We have also experimented with algae suspensions, looking at their rheological behaviour of algae suspensions and its impact on downstream processing of algae biomass. Working closely with with Dr Mike Allan form Plymouth Marine Laboratories we have investigated the effects of motility and morphology on rheology by looking at flagellated (Tetraselmis chuii) and high aspect ratio species (Phaedodactylum tricornutum) in comparison to round, non motile species (Chlorella sp). see (Cagney et al, 2017).
Vortex dynamics and fluid structure interaction
We have experimented extensively with flows past cylinders and cylinder arrays looking at the flow field and vortex shedding characteristics in flows past staggered and in line arrays of cylinders. We also looked at the effects of external flow forcing on the wake of a single cylinder and cylinder arrays (Konstantinidis et al 2004, 2005, 2007) and explored the possibility of using flow oscillations as a process intensification tool. Our forced oscillations work shed light to a number of fascinating phenomena such as lock in, vortex shedding modes and mode switching and subsequently gave rise to research into vortex induced vibrations.
Our work in this field focuses primarily on streamwise cylinder oscillations.Using time resolved PIV techniques we have been able to simultaneously capture the amplitude response and wake modes of the oscillating cylinder for a range of reduced velocities. Also to study the effect of a second degree of freedom on the measured response (see eg Cagney & Balabani, 2014).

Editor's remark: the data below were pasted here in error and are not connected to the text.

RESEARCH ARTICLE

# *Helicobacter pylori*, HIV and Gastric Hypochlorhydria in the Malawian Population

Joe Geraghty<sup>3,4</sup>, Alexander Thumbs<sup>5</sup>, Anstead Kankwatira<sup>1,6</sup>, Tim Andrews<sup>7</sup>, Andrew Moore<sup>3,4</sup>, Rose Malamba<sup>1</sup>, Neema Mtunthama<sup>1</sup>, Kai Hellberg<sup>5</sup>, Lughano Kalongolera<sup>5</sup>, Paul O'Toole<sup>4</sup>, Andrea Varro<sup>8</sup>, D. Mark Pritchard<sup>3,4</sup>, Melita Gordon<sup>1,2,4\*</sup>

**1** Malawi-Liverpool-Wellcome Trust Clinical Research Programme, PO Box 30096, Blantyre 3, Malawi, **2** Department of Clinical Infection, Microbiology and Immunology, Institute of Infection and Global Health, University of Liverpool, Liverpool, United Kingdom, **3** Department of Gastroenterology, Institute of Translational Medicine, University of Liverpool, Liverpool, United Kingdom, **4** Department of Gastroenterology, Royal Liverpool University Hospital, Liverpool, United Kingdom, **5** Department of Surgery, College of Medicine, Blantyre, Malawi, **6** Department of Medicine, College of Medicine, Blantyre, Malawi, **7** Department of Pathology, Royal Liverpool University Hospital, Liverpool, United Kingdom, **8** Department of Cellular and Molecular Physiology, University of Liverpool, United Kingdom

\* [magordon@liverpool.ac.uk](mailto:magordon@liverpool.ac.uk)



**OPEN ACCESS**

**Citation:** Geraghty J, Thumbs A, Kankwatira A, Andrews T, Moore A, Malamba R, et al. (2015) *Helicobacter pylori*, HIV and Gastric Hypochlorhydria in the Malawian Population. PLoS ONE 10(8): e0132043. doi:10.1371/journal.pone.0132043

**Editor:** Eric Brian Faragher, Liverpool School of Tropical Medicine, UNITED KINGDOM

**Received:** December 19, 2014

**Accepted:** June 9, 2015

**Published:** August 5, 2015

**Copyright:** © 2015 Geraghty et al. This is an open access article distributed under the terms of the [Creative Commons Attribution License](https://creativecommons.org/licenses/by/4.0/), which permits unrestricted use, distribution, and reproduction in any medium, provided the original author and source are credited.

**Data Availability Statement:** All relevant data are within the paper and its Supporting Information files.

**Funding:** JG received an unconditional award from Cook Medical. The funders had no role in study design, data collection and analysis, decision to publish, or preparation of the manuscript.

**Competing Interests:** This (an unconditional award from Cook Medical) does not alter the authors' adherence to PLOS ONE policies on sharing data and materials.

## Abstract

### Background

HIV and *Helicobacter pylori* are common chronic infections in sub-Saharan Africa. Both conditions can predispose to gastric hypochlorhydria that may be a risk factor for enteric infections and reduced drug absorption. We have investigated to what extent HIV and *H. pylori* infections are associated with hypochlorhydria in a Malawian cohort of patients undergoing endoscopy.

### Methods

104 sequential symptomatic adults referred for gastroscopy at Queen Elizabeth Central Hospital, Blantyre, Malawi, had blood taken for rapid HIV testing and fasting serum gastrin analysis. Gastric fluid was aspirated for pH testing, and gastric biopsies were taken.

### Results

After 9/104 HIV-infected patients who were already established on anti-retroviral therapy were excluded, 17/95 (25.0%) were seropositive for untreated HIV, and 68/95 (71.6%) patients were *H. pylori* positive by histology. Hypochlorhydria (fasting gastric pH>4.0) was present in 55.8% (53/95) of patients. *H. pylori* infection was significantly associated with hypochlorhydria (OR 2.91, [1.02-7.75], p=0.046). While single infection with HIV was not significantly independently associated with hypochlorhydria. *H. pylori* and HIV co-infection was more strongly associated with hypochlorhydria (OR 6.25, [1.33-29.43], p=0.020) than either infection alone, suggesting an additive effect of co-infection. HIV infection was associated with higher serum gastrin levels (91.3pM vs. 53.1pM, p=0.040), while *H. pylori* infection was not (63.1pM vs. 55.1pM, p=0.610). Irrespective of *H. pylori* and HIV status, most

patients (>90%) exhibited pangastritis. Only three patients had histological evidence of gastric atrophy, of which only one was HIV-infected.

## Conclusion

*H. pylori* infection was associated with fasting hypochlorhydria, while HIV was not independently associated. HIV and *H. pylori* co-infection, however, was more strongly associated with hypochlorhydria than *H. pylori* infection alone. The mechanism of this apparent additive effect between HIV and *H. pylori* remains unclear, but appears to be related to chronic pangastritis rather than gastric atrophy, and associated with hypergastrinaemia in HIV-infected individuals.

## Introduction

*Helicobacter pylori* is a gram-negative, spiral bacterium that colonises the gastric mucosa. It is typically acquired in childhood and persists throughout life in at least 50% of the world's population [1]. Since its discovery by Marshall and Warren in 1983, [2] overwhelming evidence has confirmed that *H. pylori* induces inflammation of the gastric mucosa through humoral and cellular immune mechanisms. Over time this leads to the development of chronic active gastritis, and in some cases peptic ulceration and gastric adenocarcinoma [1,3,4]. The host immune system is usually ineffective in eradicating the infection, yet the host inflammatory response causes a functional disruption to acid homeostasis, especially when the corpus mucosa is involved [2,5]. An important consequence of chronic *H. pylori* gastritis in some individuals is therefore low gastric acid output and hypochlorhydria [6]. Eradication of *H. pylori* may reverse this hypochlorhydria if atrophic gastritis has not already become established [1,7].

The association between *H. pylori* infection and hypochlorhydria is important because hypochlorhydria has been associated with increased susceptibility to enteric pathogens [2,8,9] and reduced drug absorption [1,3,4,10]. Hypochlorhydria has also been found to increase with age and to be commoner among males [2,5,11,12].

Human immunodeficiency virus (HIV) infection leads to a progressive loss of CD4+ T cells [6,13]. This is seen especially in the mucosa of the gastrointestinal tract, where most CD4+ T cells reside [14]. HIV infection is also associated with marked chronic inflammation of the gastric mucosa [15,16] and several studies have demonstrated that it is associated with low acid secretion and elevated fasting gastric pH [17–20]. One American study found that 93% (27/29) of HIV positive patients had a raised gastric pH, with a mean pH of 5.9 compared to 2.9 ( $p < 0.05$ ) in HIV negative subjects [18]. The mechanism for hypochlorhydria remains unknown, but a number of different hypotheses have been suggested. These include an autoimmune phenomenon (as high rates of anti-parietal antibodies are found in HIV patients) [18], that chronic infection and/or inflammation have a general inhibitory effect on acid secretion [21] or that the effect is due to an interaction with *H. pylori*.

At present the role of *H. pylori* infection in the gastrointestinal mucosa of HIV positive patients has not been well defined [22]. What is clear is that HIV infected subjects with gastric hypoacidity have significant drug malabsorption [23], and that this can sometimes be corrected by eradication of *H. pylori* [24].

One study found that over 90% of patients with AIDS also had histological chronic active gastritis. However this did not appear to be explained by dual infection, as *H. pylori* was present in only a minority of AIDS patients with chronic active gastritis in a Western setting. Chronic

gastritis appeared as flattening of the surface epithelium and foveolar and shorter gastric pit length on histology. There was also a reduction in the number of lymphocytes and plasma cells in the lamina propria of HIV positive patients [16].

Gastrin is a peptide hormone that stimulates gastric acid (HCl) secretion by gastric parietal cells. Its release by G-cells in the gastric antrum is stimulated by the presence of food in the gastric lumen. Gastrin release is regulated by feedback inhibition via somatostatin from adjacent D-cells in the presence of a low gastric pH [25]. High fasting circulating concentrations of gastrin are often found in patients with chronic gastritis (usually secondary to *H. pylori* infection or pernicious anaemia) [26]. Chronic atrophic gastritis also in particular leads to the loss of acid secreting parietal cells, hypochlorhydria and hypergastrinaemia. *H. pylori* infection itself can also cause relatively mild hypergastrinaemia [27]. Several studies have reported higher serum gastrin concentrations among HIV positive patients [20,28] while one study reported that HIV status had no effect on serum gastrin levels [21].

Mixing and transport phenomena
Mixing is ubiquitous in nature and engineering. Understanding transport phenomena can aid the design of processes and manufacturing. Our research focusses on quantifying mixing in vortical and swirling flows using PIV/LIF techniques. We are applied these techniques to study intra-and inter vortex mixing in Taylor Couette flows (Dusting-Balabani, 2009; Imomoh et al 2010), mixing through bluff body wake oscillations (Cagney-Balabani, 2016) as well as micro droplet mixing processes for diagnostics (Ma et al 2014, 2015). We currently extend this work in non-Newtonian flows.
LIF and PIV studies in a Taylor Couette flow (Dusting & Balabani, ChemEngSci, 2009).
Mean concentration fields in the wake of an oscillating cylinders showing the influence of vortex shedding mode on mixing (Cagney & Balabani, 2016)
Our work focusses on the development and characterisation of fluidic systems for point of care diagnostics and drug delivery applications. For example, we have studied the flow inside microdroplets, explored the microenvironment and the deformation of compound droplets under sheath flow focusing conditions relevant to cell encapsulation, in collaboration with Dr Shaohua Ma and Prof Huck. This work has featured on the cover of Lab on a Chip (see eg Ma et al 2014) Ma et al 2015)
In collaboration with two different groups, UCL Division of Surgery (Dr Wenhui Song) and University of Cape Town (South Africa) we have combined microfluidics with various types of hydrogels to study the micro flow characteristics of novel injectates for tissue engineering applications (see eg Chen et al 2018, Ngoepe et al, 2019)
Current work includes microfludic studies of microswimmers and on detecting organ rejection.